Geology Reference
In-Depth Information
Those reading this chapter for the first time may find
that Box 5.4 provides a useful short cut.
in their motion around the Sun. The attractive forces
in these two cases, although different in kind -
electrostatic and gravitational respectively - conform
to the same inverse square 'law' (Appendix A,
equations A8 and A9), so one would expect the
mathematical analysis to be the same. Nevertheless,
it has been clear for more than 80 years that classical
mechanics is not wholly applicable to physics on the
atomic and sub-atomic scale. Other influences seem
to be at work which, although having little obvious
impact on the macroscopic world, are paramount in
the physics of the atom.
Perhaps the most radical departure from everyday
experience is the notion that atomic particles such as
electrons possess some of the properties of waves, a
suggestion first made by the French physicist Louis de
Broglie in 1924. (Readers unfamiliar with the physics of
waves may find Box 5.2 helpful.) De Broglie's idea was
The mechanics of atomic particles
Mechanics is the science of bodies in motion. It describes
the motion of anything from billiard balls to space sat-
ellites and planets. Except for the twentieth-century
contributions of relativity and quantum mechanics, the
basic rules of mechanics have been known for more
than two centuries, since the days of Isaac Newton. His
contribution was of such importance that today we
often refer to the classical mechanics of the macroscopic
world as 'Newtonian mechanics'.
It is natural to expect the movement of electrons
around the nucleus in an atom to conform to the
principles of Newtonian mechanics, like the planets
Box 5.2 What is a wave?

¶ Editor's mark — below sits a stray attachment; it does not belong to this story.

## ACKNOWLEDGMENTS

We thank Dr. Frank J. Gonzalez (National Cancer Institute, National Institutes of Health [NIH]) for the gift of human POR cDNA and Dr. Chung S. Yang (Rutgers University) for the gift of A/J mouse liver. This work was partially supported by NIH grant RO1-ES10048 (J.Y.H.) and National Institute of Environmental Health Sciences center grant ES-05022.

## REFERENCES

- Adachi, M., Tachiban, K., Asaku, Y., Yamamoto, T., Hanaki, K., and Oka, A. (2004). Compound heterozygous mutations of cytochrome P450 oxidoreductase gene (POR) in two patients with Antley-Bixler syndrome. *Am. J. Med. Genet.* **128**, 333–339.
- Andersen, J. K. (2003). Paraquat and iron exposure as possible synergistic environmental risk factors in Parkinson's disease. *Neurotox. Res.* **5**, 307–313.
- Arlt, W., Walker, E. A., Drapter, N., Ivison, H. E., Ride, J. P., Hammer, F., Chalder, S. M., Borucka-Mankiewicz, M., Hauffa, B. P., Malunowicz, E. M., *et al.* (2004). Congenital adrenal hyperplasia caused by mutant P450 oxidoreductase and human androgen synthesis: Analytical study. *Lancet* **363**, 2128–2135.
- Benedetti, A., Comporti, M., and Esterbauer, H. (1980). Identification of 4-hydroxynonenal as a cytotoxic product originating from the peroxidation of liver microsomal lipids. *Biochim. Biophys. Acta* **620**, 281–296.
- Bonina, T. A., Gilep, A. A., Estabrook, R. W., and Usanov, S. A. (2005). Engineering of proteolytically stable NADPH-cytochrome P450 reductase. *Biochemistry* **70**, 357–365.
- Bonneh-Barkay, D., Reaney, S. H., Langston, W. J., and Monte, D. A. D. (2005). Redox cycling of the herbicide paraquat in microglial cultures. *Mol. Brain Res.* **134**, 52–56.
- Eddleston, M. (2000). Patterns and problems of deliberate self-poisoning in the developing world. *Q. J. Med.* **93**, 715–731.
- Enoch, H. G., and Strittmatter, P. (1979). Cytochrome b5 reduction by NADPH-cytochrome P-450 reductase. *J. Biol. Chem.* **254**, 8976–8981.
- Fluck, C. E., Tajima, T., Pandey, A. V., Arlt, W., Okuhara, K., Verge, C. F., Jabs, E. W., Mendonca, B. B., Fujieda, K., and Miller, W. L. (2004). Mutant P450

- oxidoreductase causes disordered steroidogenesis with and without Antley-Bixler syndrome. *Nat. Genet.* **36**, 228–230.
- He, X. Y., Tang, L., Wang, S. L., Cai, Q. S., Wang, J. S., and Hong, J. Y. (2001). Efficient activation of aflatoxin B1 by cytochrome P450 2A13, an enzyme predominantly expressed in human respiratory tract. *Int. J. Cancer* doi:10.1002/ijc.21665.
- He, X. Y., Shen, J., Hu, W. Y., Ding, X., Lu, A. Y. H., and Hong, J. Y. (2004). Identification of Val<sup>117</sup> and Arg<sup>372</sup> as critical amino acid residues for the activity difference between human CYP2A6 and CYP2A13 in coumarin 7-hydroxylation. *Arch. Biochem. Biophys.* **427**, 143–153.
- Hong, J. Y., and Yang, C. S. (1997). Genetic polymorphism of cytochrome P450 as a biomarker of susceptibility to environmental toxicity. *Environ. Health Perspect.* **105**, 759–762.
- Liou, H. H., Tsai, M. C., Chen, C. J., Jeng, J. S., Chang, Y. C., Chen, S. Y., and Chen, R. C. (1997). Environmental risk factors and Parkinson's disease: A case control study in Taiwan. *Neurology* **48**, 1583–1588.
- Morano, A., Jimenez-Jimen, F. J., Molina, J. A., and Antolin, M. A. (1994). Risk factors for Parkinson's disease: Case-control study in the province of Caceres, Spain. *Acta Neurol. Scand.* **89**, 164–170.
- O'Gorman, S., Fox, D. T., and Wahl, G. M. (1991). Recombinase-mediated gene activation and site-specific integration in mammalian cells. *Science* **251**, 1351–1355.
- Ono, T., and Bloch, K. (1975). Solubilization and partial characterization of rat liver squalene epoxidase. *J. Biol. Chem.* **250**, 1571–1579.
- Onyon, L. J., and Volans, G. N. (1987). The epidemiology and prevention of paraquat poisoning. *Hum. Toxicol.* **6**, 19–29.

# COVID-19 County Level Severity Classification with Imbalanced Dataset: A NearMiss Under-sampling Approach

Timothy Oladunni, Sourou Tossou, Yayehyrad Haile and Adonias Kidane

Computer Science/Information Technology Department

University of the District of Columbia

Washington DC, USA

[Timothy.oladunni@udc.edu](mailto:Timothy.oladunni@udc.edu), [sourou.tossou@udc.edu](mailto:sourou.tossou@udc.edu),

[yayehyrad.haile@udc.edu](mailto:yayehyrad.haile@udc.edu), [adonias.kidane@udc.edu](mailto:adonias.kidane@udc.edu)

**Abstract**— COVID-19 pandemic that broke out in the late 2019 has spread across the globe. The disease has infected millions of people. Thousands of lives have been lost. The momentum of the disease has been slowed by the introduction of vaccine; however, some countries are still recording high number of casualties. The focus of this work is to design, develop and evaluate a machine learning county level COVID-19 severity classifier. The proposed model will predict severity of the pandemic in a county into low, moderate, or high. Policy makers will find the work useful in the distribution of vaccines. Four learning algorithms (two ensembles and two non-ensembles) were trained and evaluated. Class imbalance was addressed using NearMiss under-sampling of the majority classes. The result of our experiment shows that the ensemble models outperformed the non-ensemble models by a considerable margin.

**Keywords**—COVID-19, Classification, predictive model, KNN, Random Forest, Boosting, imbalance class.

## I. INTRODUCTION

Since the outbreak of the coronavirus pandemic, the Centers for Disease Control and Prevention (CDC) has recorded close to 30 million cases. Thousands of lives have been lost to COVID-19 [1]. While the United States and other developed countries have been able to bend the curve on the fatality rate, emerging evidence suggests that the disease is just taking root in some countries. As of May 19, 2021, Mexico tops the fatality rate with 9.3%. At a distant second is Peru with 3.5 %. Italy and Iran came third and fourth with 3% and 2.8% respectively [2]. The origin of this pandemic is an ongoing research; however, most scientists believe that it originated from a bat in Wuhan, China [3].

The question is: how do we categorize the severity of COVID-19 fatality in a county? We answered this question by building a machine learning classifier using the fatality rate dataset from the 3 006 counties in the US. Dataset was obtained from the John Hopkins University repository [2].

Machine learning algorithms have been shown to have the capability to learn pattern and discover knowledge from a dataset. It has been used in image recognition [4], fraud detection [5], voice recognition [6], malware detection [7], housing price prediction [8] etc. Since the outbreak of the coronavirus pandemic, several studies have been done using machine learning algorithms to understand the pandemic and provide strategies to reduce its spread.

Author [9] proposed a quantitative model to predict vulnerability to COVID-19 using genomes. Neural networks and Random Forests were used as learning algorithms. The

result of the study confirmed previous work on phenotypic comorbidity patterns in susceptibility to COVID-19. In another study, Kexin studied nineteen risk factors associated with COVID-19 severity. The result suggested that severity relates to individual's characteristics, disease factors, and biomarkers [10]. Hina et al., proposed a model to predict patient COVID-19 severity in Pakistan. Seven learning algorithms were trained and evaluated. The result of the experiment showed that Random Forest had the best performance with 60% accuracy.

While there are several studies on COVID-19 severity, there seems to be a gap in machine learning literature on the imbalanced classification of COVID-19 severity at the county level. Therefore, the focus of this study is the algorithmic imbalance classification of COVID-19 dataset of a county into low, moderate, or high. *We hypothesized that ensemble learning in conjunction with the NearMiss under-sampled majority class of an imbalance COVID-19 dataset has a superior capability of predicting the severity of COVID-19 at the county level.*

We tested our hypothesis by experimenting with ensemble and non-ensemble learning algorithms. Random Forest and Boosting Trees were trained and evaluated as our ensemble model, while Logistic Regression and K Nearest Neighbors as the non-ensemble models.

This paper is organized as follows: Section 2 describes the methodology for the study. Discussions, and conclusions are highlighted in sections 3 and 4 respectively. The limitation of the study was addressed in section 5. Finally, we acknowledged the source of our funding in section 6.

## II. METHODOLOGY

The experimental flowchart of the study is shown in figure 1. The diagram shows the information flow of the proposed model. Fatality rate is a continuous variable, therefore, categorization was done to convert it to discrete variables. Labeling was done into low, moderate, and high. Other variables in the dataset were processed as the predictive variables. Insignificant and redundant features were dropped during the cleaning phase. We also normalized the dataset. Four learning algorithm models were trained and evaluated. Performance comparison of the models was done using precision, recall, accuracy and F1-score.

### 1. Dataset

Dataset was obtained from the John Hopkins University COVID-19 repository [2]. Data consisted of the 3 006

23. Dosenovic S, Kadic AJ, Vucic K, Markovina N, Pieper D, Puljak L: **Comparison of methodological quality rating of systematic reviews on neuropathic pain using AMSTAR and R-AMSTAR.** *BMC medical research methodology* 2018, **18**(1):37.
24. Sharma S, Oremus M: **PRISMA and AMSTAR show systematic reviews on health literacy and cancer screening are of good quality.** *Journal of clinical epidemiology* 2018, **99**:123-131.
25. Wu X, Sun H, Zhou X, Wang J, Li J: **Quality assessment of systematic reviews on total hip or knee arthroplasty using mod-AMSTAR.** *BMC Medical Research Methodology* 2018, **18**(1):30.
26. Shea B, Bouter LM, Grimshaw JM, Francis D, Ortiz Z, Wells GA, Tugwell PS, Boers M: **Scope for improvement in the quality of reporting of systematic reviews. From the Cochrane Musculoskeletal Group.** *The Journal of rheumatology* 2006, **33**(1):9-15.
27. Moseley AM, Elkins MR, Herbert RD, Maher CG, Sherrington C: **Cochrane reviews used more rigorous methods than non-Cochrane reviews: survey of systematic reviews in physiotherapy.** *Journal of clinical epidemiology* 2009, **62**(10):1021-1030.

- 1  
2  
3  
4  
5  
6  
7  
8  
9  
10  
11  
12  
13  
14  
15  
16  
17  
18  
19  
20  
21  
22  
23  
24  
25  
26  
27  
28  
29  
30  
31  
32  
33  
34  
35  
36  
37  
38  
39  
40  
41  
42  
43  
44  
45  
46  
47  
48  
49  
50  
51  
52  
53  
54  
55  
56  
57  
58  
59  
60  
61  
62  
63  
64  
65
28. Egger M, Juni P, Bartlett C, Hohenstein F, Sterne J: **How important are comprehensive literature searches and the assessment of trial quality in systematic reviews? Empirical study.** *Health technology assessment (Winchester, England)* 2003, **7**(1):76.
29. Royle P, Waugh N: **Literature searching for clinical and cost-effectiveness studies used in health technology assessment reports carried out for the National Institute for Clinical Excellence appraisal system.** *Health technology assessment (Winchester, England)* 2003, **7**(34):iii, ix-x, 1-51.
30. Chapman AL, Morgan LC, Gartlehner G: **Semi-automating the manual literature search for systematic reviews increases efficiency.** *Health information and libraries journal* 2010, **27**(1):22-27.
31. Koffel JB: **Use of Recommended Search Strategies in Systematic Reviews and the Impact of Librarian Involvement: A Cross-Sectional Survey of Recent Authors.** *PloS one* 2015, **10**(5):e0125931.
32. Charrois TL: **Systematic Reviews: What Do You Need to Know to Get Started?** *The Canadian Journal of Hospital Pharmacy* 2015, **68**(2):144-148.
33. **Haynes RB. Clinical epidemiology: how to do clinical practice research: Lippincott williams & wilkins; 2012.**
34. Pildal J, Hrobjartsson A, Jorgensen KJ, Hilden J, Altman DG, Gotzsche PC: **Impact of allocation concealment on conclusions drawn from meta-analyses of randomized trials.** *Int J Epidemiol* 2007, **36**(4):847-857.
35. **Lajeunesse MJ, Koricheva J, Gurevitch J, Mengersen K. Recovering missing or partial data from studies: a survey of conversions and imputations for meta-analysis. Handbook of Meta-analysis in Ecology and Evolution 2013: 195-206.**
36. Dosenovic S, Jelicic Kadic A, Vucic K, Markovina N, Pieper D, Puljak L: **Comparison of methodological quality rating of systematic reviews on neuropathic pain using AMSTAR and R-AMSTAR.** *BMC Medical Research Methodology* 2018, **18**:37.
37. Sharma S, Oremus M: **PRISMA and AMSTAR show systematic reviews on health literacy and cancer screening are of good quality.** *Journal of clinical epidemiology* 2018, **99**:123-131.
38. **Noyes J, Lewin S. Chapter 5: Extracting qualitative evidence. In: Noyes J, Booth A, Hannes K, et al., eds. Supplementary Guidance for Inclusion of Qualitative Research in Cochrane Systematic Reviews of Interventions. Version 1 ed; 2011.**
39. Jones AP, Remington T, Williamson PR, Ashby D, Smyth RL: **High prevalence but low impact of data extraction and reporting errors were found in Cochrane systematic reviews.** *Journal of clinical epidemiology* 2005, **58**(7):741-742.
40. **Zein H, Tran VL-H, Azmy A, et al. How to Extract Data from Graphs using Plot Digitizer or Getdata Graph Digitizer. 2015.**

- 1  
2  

A wave describes a periodic disturbance in the value of
some physical parameter. When a ripple travels across the
surface of an otherwise still pond, the physical parameter
being disturbed is the elevation of the pond surface: a twig
floating on the surface will be seen to bob up and down as
the ripple passes by, indicating that the pond surface is
periodically displaced from its equilibrium position. A wave
is periodic in both time and space: the twig bobs up and
down v times per second (we call v the frequency of the
wave, measured in units of s −1 ; v is the Greek letter 'nu'),
but if we take a snapshot at one instant we will see that
successive wave crests are spaced out at a constant dis-
tance from each other, known as the wavelength λ of the
wave (measured in metres; λ is the Greek letter 'lamda').
The ripple on the pond surface is the easiest type of
wave to visualize, because the disturbance affects the
position of a visible feature, the pond surface. The con-
cept of 'waves' recognized by physics has a much wider
scope, however, because physical quantities other than
position may undergo periodic oscillation. A good example
is a sound wave, in which it is the pressure of the air that
fluctuates as the wave passes by. These changes in air
pressure generate a periodic pressure difference across
the eardrum that we sense as sound; the more times the
pressure oscillates per second (the greater the frequency),
the higher the 'pitch' of the note that we perceive. In the
absence of air there is no pressure to fluctuate, which is
why sound cannot propagate through a vacuum.
An electromagnetic wave (e.g. light) can be visualized as
a train of 'ripples' in the intensity of electric and magnetic
fields. In a place that is remote from magnets and electro-
static charges, the average or equilibrium values of these
fields will both be zero, but the passage of a light wave
causes them each to oscillate between positive and neg-
ative values. Light waves are characterized by wavelength
and frequency in the same way as sound waves, although
the values are very different (Box 6.3).
The examples of waves so far considered have been
travelling waves which propagate energy from one place to
another (e.g. from the loudspeaker to the ear). A wave
confined within an enclosure of some kind, however,
behaves in a different way: when it is reflected from the
walls of the enclosure, the interaction between forward
and reflected waves makes the wave appear to stand still.
This stationary wave is simplest to see in the one-dimen-
sional example of a guitar string. An important property of
a stationary wave is that it has a clearly defined wave-
length determined by the dimensions of the  enclosure
(e.g. the length of the guitar string). This phenomenon is
exploited in organ pipes (sound) and lasers (light).
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